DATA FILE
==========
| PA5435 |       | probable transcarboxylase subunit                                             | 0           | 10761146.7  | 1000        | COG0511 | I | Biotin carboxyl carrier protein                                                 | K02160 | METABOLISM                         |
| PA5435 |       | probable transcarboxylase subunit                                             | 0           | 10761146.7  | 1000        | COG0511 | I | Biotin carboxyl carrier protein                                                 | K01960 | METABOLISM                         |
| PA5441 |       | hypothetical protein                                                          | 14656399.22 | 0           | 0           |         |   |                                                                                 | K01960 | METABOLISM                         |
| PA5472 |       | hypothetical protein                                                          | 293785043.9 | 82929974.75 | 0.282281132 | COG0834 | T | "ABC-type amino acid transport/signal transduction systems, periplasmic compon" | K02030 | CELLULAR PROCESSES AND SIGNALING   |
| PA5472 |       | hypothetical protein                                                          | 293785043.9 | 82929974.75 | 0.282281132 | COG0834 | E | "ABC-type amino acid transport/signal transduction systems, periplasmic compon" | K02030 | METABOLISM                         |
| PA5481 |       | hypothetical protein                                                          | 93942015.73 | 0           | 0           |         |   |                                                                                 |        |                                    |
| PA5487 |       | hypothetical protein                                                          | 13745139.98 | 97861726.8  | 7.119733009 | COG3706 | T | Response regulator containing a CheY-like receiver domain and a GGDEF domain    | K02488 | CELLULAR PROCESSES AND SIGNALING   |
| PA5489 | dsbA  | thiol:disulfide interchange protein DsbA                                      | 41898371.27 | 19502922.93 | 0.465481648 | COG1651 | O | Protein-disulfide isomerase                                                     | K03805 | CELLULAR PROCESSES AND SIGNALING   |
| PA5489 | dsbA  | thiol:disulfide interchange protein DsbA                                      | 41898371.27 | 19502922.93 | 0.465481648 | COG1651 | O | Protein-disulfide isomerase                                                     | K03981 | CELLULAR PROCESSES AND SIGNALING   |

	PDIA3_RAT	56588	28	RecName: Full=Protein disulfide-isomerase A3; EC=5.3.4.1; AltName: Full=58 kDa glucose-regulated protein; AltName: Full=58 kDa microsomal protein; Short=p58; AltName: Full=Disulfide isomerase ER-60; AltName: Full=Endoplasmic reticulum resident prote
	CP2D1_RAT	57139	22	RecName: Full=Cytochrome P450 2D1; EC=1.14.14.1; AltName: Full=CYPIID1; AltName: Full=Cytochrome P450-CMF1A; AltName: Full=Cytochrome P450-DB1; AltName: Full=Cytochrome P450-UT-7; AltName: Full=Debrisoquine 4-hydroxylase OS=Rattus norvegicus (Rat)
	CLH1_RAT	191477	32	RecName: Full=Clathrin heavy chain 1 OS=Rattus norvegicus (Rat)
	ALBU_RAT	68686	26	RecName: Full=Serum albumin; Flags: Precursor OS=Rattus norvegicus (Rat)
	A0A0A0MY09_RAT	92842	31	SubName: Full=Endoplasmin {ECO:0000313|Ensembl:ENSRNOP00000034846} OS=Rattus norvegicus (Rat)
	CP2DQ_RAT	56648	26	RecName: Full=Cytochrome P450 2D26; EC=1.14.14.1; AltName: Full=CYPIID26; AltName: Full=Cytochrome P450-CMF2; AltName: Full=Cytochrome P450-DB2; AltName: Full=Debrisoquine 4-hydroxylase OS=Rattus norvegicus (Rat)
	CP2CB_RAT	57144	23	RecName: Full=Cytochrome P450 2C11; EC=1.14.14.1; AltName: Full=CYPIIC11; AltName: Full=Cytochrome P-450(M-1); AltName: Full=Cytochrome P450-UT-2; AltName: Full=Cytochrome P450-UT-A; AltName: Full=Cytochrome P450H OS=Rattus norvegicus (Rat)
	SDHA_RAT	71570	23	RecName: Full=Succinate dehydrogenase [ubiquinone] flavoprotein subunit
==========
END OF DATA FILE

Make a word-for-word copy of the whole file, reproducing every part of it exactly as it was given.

| PA5435 |       | probable transcarboxylase subunit                                             | 0           | 10761146.7  | 1000        | COG0511 | I | Biotin carboxyl carrier protein                                                 | K02160 | METABOLISM                         |
| PA5435 |       | probable transcarboxylase subunit                                             | 0           | 10761146.7  | 1000        | COG0511 | I | Biotin carboxyl carrier protein                                                 | K01960 | METABOLISM                         |
| PA5441 |       | hypothetical protein                                                          | 14656399.22 | 0           | 0           |         |   |                                                                                 | K01960 | METABOLISM                         |
| PA5472 |       | hypothetical protein                                                          | 293785043.9 | 82929974.75 | 0.282281132 | COG0834 | T | "ABC-type amino acid transport/signal transduction systems, periplasmic compon" | K02030 | CELLULAR PROCESSES AND SIGNALING   |
| PA5472 |       | hypothetical protein                                                          | 293785043.9 | 82929974.75 | 0.282281132 | COG0834 | E | "ABC-type amino acid transport/signal transduction systems, periplasmic compon" | K02030 | METABOLISM                         |
| PA5481 |       | hypothetical protein                                                          | 93942015.73 | 0           | 0           |         |   |                                                                                 |        |                                    |
| PA5487 |       | hypothetical protein                                                          | 13745139.98 | 97861726.8  | 7.119733009 | COG3706 | T | Response regulator containing a CheY-like receiver domain and a GGDEF domain    | K02488 | CELLULAR PROCESSES AND SIGNALING   |
| PA5489 | dsbA  | thiol:disulfide interchange protein DsbA                                      | 41898371.27 | 19502922.93 | 0.465481648 | COG1651 | O | Protein-disulfide isomerase                                                     | K03805 | CELLULAR PROCESSES AND SIGNALING   |
| PA5489 | dsbA  | thiol:disulfide interchange protein DsbA                                      | 41898371.27 | 19502922.93 | 0.465481648 | COG1651 | O | Protein-disulfide isomerase                                                     | K03981 | CELLULAR PROCESSES AND SIGNALING   |

	PDIA3_RAT	56588	28	RecName: Full=Protein disulfide-isomerase A3; EC=5.3.4.1; AltName: Full=58 kDa glucose-regulated protein; AltName: Full=58 kDa microsomal protein; Short=p58; AltName: Full=Disulfide isomerase ER-60; AltName: Full=Endoplasmic reticulum resident prote
	CP2D1_RAT	57139	22	RecName: Full=Cytochrome P450 2D1; EC=1.14.14.1; AltName: Full=CYPIID1; AltName: Full=Cytochrome P450-CMF1A; AltName: Full=Cytochrome P450-DB1; AltName: Full=Cytochrome P450-UT-7; AltName: Full=Debrisoquine 4-hydroxylase OS=Rattus norvegicus (Rat)
	CLH1_RAT	191477	32	RecName: Full=Clathrin heavy chain 1 OS=Rattus norvegicus (Rat)
	ALBU_RAT	68686	26	RecName: Full=Serum albumin; Flags: Precursor OS=Rattus norvegicus (Rat)
	A0A0A0MY09_RAT	92842	31	SubName: Full=Endoplasmin {ECO:0000313|Ensembl:ENSRNOP00000034846} OS=Rattus norvegicus (Rat)
	CP2DQ_RAT	56648	26	RecName: Full=Cytochrome P450 2D26; EC=1.14.14.1; AltName: Full=CYPIID26; AltName: Full=Cytochrome P450-CMF2; AltName: Full=Cytochrome P450-DB2; AltName: Full=Debrisoquine 4-hydroxylase OS=Rattus norvegicus (Rat)
	CP2CB_RAT	57144	23	RecName: Full=Cytochrome P450 2C11; EC=1.14.14.1; AltName: Full=CYPIIC11; AltName: Full=Cytochrome P-450(M-1); AltName: Full=Cytochrome P450-UT-2; AltName: Full=Cytochrome P450-UT-A; AltName: Full=Cytochrome P450H OS=Rattus norvegicus (Rat)
	SDHA_RAT	71570	23	RecName: Full=Succinate dehydrogenase [ubiquinone] flavoprotein subunit